BBC ECU publishes ‘Alternativity’ complaint finding

In July the BBC’s Executive Complaints Unit (ECU) informed BBC Watch that it had upheld one of the three points made in a complaint concerning a BBC Two Christmas 2017 programme titled ‘Alternativity‘.

BBC’s ECU upholds part of BBC Watch ‘Alternativity’ complaint – part one

As noted at the time:

“According to further communication with the ECU, that finding “will be published in due course on the complaints pages of bbc.co.uk“. BBC Watch does not know what the BBC considers to be “due course” after it has taken over six months for a point rejected at stages 1a and 1b to be upheld by the ECU.”

Two months later – and over nine months after the complaint was originally submitted – that finding now appears on the BBC News website.

 

One to watch on BBC Two

Next Tuesday and Wednesday – September 4th and 5th – at 9 p.m. BBC Two will air a two-part programme titled ‘We Are British Jews.

“In a two-part series, eight British Jews with a broad range of opinions, beliefs and practices, go on a journey to explore what it means to be Jewish in Britain today and examine some of the most pressing questions and challenges facing the Jewish community at home and in Israel.

In the first episode, the group meet in Manchester, home to the UK’s largest Jewish community outside of London. After getting to know each other, and discovering their differences, they explore what antisemitism looks and feels like in modern Britain and reflect on how perceptions of Israel affect them here at home. They meet the owner of a local restaurant which has been attacked a number of times in recent years and talk to a Labour MP who has been the focus of abuse online. The group go on to meet with Jewish students, where they hear how they have needed security when they have held Israel events on campus.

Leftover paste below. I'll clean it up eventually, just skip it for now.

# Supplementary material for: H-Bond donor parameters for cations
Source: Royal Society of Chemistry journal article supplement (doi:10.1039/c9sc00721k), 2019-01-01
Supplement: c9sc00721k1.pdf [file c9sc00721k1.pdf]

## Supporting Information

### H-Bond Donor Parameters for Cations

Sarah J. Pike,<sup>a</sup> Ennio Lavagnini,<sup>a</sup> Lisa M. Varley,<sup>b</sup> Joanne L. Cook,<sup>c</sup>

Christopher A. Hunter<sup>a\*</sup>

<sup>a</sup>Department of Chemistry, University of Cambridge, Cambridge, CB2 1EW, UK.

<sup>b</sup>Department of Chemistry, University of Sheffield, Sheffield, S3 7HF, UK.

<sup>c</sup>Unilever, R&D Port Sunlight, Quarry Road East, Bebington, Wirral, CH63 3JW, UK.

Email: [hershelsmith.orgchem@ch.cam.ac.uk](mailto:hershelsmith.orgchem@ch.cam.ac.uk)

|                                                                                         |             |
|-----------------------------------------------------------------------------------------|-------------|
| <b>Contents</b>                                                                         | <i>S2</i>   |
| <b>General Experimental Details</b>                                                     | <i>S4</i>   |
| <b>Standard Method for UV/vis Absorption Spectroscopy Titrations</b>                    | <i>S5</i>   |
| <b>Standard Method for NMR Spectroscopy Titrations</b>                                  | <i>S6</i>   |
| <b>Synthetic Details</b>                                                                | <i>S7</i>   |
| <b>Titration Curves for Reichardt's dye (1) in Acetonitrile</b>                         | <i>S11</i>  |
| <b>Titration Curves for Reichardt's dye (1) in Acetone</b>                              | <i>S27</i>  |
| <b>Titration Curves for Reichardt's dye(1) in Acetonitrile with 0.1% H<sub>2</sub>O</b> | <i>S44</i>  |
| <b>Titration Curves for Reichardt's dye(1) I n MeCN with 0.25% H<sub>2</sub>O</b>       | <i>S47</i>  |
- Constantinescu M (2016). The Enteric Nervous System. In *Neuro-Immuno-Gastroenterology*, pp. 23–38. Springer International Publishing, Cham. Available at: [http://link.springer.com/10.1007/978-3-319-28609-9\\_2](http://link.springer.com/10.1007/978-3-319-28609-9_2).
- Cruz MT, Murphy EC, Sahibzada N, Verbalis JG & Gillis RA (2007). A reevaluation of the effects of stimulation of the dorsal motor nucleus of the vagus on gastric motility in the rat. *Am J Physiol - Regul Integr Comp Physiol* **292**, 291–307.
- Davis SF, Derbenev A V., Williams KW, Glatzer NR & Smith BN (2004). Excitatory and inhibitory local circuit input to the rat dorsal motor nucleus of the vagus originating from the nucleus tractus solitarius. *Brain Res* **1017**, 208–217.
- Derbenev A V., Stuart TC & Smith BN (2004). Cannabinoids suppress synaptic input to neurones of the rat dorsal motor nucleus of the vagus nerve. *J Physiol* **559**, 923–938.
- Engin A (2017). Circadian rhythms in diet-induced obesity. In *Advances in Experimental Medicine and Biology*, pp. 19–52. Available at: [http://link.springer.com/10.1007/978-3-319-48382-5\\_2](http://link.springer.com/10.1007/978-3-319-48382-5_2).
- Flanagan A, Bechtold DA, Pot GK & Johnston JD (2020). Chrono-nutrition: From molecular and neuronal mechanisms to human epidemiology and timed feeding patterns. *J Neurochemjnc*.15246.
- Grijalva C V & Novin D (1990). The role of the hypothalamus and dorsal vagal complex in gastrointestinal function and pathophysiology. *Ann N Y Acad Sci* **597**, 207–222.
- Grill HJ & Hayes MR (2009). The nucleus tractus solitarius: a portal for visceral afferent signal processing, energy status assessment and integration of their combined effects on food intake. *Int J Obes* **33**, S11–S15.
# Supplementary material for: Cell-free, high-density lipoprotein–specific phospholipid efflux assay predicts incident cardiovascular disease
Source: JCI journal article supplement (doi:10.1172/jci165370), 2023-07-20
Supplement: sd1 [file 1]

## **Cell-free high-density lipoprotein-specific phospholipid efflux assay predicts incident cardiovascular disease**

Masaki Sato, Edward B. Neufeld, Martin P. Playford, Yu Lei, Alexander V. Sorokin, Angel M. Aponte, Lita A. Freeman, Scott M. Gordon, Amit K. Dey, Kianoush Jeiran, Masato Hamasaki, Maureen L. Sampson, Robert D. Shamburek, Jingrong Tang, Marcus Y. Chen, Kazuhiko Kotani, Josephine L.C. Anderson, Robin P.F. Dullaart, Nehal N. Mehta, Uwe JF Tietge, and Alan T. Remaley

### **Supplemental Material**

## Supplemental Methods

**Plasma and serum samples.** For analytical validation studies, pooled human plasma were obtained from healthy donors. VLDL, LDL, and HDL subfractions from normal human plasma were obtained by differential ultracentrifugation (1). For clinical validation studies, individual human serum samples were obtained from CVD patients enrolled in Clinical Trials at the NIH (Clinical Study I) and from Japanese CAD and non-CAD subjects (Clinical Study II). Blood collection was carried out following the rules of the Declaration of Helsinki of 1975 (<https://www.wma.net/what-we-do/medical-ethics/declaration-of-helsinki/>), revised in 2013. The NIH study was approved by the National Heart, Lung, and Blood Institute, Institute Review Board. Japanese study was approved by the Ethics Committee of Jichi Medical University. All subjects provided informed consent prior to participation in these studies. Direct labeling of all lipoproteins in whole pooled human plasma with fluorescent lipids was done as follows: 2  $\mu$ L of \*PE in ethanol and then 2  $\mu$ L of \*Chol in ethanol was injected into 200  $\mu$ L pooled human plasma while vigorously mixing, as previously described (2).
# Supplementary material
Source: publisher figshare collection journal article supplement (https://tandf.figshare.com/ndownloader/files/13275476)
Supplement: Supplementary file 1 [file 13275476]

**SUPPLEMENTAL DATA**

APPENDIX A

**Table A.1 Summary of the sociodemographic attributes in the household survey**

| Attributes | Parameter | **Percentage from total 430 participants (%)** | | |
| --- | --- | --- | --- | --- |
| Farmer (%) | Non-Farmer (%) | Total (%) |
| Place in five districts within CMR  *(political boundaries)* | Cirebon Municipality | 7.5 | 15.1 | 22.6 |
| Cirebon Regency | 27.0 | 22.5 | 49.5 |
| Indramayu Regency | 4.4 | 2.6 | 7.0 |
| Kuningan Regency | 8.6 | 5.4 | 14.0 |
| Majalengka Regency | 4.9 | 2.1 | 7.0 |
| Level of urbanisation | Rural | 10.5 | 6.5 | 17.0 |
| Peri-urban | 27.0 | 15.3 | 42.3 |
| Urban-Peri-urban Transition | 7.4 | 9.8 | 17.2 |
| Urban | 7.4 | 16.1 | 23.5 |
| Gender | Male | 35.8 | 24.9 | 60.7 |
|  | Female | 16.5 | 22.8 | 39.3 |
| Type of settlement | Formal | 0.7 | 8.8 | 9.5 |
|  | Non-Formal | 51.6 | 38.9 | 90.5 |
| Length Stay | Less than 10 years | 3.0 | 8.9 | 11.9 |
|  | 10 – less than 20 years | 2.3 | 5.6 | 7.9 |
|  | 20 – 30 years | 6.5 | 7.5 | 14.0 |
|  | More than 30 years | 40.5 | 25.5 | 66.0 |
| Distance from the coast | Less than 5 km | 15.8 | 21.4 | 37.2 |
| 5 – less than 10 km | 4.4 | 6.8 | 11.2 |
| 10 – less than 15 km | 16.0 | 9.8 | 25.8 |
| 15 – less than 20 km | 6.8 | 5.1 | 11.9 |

The group then travel to Israel, the country many of the group call their homeland. Starting their journey on a Kibbutz, a communal farm, they get some stark reminders of the realities of life in the Jewish State and meet a young American woman who has volunteered to serve in the Israeli Defense Forces.”

“In the second episode, the group continues their journey in Israel. The group travel the country and go to the occupied West Bank, meeting with people from across the religious and political divide – Israelis and Palestinians – who force them to question their long-held views.

The group travel to Efrat, considered by the international community to be an illegal settlement built on land Israel doesn’t own. There they meet a settler who explains why he thinks this is just a regular town. In Hebron, they meet Noam, spokesman for the Jewish Settlers. He explains why he thinks Jewish people have a biblical right to the land there. They also meet Tsipi, a prominent Jewish activist whose father was murdered by a Palestinian. Challenged by some of the group about how Palestinians living in Hebron are treated, she gives them her perspective on the reason for restrictions on their movement and explains why she and fellow settlers have no plans to leave the town.